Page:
Final preparations are underway for the launch of Northrop Grumman’s 20th commercial resupply mission to the International Space Station (NG-20), currently set to launch on January 29th 2024. This mission’s Cygnus spacecraft, named after astronaut Patricia “Patty” Hilliard Robertson, will be delivering food, supplies, equipment, and science experiments to the Space Station’s Expedition 70 astronauts 254 miles above the Earth’s surface.
Some of the primary goals of the experiments onboard is to simulate situations that may arise during future long-duration space missions. One such experiment includes the first operation of a surgical robot that can be remotely operated from Earth. Developed by Virtual Incision, the miniature surgical robot – named MIRA – will be performing several “surgery-like” tasks to compare in-flight data on tasks performed in the Space Station’s microgravity environment against the same tasks performed on Earth to inform the designs of future robotic designs as long-duration spaceflight becomes more common and the need for potential emergency procedures becomes more likely.
Additionally, NG-20 will contain an experimental scaffold made of biological material that mimics DNA that can potentially regenerate cartilage tissues and maintain healthy cartilage in space. Microgravity has been shown to hasten the degeneration of cartilage while hampering its regenerative abilities, making astronauts especially prone to diseases like arthritis. In addition to mitigating the development of health issues for those in microgravity for long periods of time, potential breakthroughs in therapeutics for cartilage regeneration can also benefit those suffering from degenerative disease on Earth.
Also among experiments being delivered on NG-20 are KREPE-2, an inexpensive Thermal Protection System (TPS) to collect data during atmospheric reentry that otherwise can’t be replicated in a laboratory setting on Earth, as well as an autonomous semiconductor manufacturing platform that is expected to limit the amount of gravity-induced defects in computer chips. The payload will also be delivering the European Space Agency’s new Metal 3D printer.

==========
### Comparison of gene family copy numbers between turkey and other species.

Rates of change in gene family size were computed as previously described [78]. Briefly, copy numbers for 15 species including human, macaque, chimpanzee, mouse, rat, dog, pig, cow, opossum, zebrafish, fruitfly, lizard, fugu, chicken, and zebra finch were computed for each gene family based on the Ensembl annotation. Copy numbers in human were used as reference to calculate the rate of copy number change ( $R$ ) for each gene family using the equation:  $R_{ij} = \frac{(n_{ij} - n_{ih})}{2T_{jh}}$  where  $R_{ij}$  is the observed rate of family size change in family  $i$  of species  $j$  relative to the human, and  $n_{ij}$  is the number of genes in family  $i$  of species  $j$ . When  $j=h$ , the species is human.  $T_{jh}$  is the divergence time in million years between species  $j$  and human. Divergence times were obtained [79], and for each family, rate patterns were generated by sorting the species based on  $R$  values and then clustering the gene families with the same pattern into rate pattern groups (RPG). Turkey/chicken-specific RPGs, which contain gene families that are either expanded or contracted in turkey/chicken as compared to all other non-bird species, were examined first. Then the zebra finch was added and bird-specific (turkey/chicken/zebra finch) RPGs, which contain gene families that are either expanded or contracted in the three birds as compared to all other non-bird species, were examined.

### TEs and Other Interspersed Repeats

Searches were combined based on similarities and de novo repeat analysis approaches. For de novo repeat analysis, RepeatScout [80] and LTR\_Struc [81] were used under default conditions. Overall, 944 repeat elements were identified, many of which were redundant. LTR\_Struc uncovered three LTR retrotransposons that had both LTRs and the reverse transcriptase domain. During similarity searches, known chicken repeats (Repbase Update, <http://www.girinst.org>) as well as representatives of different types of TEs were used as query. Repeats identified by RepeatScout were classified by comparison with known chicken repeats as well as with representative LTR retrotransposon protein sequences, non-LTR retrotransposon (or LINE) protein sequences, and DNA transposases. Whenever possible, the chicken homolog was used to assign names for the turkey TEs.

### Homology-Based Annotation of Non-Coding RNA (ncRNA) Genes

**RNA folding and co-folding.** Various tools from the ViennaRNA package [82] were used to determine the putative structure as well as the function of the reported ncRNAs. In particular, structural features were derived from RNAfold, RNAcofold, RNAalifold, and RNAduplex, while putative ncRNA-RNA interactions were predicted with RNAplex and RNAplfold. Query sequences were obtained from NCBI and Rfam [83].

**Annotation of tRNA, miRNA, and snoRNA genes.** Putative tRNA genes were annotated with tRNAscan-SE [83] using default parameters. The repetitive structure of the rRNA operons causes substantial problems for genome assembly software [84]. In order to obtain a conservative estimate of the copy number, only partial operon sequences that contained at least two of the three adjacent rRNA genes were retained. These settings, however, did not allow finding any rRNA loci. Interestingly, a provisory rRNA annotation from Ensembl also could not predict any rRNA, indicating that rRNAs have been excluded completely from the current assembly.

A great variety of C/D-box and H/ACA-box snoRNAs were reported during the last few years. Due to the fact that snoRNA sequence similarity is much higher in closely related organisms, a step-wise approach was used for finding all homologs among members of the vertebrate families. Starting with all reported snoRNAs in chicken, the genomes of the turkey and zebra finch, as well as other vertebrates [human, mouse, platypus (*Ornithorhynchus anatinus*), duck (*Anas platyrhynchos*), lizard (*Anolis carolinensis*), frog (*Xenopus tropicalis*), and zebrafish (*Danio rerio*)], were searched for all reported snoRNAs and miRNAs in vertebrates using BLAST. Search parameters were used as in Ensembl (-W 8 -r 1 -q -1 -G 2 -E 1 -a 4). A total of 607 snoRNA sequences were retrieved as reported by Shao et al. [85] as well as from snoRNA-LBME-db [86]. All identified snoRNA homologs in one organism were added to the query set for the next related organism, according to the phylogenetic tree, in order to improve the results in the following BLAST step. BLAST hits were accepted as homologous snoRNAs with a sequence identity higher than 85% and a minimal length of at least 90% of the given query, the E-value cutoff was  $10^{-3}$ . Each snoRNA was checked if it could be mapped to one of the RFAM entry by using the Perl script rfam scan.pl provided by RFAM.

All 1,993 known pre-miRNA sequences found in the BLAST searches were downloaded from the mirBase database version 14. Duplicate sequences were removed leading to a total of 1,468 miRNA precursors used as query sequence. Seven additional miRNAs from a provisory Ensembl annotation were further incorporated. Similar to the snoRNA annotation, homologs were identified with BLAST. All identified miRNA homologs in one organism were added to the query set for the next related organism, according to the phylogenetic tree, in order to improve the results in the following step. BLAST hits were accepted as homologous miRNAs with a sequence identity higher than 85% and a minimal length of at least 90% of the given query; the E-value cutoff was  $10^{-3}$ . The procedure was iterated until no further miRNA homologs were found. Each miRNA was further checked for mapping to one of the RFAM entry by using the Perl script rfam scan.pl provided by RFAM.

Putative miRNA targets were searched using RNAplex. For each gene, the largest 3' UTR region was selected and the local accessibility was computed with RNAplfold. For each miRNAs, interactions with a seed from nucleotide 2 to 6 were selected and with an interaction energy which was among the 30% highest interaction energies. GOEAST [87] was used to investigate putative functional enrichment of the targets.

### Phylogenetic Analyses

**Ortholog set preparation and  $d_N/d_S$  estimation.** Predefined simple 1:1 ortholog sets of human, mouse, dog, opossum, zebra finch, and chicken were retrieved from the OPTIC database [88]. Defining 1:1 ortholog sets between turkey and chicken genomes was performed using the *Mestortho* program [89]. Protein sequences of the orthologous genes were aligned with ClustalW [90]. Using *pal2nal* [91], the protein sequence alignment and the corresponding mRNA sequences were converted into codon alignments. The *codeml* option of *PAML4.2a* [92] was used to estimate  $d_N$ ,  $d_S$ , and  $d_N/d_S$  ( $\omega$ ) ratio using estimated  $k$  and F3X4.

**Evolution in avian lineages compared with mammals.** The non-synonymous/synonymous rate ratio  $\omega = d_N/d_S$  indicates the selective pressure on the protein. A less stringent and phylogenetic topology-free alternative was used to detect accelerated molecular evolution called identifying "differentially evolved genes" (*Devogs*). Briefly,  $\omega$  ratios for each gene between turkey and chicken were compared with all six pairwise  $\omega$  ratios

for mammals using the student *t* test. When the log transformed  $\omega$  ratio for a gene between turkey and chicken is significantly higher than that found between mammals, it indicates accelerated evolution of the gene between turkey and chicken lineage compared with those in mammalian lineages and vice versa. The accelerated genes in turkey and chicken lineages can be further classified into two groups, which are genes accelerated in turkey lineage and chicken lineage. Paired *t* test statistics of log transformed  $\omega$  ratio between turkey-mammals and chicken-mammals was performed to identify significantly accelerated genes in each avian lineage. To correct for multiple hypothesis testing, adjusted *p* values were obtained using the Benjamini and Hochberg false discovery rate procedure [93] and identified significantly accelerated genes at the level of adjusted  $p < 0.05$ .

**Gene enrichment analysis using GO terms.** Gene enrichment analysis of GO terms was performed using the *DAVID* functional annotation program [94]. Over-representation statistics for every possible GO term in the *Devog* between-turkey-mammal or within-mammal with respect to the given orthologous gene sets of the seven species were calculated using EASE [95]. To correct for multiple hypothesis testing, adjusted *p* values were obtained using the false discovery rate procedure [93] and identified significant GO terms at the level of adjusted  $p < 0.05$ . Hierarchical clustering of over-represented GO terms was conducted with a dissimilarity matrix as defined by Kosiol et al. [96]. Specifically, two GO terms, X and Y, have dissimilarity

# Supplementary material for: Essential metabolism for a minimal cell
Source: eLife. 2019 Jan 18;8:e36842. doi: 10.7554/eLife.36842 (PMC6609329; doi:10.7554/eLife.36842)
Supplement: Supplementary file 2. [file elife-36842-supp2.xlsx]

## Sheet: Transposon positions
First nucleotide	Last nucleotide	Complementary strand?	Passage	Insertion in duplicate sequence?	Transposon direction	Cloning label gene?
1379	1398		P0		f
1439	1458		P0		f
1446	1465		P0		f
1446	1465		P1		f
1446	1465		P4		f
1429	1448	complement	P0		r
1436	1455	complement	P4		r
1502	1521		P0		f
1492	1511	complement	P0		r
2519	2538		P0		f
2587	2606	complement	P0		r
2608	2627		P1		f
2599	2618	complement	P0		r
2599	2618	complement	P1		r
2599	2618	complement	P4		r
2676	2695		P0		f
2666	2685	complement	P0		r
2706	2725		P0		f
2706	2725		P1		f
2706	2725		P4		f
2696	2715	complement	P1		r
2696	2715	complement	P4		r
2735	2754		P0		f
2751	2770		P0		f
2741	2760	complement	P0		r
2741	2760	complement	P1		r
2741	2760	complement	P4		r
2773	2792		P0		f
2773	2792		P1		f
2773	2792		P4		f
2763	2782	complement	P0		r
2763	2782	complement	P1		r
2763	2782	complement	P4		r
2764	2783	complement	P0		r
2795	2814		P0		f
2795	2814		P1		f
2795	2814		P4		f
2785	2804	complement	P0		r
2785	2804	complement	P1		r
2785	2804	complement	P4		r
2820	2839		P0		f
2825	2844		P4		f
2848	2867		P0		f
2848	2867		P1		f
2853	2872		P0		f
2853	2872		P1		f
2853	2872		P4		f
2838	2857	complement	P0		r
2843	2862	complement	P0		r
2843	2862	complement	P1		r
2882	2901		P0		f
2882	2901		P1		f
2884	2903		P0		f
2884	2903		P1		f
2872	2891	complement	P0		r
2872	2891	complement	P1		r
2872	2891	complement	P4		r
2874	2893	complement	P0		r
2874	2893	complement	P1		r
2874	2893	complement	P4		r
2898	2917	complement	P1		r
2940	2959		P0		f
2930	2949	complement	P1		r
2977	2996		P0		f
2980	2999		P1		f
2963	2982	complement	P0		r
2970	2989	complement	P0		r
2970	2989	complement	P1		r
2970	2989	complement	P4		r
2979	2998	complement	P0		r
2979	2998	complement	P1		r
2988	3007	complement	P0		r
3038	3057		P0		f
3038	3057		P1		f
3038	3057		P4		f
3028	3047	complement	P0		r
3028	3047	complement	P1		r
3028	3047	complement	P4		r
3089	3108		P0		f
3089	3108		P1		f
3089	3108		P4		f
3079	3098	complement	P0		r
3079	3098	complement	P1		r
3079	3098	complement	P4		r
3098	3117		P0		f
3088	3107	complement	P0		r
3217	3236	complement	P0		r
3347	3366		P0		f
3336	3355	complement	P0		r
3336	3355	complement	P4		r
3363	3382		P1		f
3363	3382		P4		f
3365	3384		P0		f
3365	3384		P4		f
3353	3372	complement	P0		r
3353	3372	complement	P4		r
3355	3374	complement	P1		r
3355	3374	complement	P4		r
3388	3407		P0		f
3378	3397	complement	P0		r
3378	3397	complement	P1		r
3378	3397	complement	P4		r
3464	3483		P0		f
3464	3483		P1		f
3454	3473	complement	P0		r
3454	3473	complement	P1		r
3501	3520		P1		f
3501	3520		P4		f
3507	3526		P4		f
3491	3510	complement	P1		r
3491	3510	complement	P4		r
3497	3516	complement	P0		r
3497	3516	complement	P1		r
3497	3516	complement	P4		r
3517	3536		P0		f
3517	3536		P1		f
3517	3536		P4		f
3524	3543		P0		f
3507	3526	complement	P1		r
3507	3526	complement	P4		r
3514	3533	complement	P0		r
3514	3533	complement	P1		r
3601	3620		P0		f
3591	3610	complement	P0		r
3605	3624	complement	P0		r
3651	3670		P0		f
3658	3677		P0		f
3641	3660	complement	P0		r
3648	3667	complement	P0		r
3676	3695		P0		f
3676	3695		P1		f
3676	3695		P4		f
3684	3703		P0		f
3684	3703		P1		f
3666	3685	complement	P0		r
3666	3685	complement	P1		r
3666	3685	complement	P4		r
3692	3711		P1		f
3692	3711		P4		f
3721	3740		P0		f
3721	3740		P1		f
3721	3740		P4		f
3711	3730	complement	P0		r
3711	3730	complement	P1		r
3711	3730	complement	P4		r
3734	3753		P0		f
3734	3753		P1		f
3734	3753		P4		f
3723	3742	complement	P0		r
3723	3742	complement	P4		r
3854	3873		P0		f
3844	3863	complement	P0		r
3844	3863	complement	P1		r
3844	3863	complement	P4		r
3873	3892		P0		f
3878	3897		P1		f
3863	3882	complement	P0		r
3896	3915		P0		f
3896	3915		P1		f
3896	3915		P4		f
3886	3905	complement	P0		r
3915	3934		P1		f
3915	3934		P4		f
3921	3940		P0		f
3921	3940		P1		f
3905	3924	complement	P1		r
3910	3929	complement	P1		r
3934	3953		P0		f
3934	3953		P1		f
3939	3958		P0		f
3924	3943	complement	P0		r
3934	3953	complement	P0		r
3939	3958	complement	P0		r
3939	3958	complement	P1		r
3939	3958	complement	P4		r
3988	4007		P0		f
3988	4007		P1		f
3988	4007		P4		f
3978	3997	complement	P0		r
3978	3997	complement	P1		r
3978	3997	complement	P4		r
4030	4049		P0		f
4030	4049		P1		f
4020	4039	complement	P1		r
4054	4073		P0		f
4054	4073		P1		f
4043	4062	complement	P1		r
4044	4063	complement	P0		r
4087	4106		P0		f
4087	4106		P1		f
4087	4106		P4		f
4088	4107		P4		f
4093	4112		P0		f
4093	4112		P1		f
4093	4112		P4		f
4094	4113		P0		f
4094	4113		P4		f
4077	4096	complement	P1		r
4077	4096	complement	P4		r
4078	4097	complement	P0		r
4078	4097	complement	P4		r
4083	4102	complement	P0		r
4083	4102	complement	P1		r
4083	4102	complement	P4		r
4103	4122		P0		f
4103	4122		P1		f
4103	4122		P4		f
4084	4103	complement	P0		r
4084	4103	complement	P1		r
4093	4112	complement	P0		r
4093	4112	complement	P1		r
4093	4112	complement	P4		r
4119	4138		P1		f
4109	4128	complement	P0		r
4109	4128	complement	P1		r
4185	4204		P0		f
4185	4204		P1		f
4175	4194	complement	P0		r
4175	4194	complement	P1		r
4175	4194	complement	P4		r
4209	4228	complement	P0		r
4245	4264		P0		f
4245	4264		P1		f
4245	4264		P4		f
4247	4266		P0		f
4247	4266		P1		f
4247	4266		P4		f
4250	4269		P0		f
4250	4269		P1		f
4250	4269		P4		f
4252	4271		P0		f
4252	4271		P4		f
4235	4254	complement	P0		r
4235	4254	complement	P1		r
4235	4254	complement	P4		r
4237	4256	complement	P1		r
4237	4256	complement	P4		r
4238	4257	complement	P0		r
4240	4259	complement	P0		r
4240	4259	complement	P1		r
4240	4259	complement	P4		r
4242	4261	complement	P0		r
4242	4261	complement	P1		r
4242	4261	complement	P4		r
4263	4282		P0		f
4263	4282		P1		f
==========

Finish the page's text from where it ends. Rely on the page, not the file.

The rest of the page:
This mission will be marking a slight departure from the norm with Northrop Grumman’s other resupply missions. Cygnus typically hitches its ride to the International Space Station aboard Northrop Grumman’s Antares rocket. Due to Antares’ first stage being produced in Ukraine by state-owned aerospace manufacturer Pivdenmash and its engines built by Russian manufacturer NPO Energomash, production of the now-retired Antares 230+ series was jeopardized and later ceased due to the outbreak of the war between Russia and Ukraine. As a result, Northrop Grumman has entered an agreement with Firefly Aerospace to construct the next generation Antares 300 series that relies on entirely domestic components, currently set to take flight for the first time in 2025.
The last Antares flight of the occurred during NG-19 in 2023, and Northrop Grumman has contracted with SpaceX for two additional Falcon 9 launches of Cygnus after NG-20 until the Antares 300 series is ready to fly. Although a break in established operations, this isn’t the first time Cygnus has had to find a new ride into space. Previously the spacecraft has also flown three times atop United Launch Alliance’s Atlas V, following the explosive failure of an Antares 130 during its Orb-3 mission in 2014.
For now, Antares’ home at NASA’s Wallops Flight Facility sits dormant, teeming with hope for the future as Antares prepares for its triumphant return to the launch pad to usher in a new generation of spaceflight.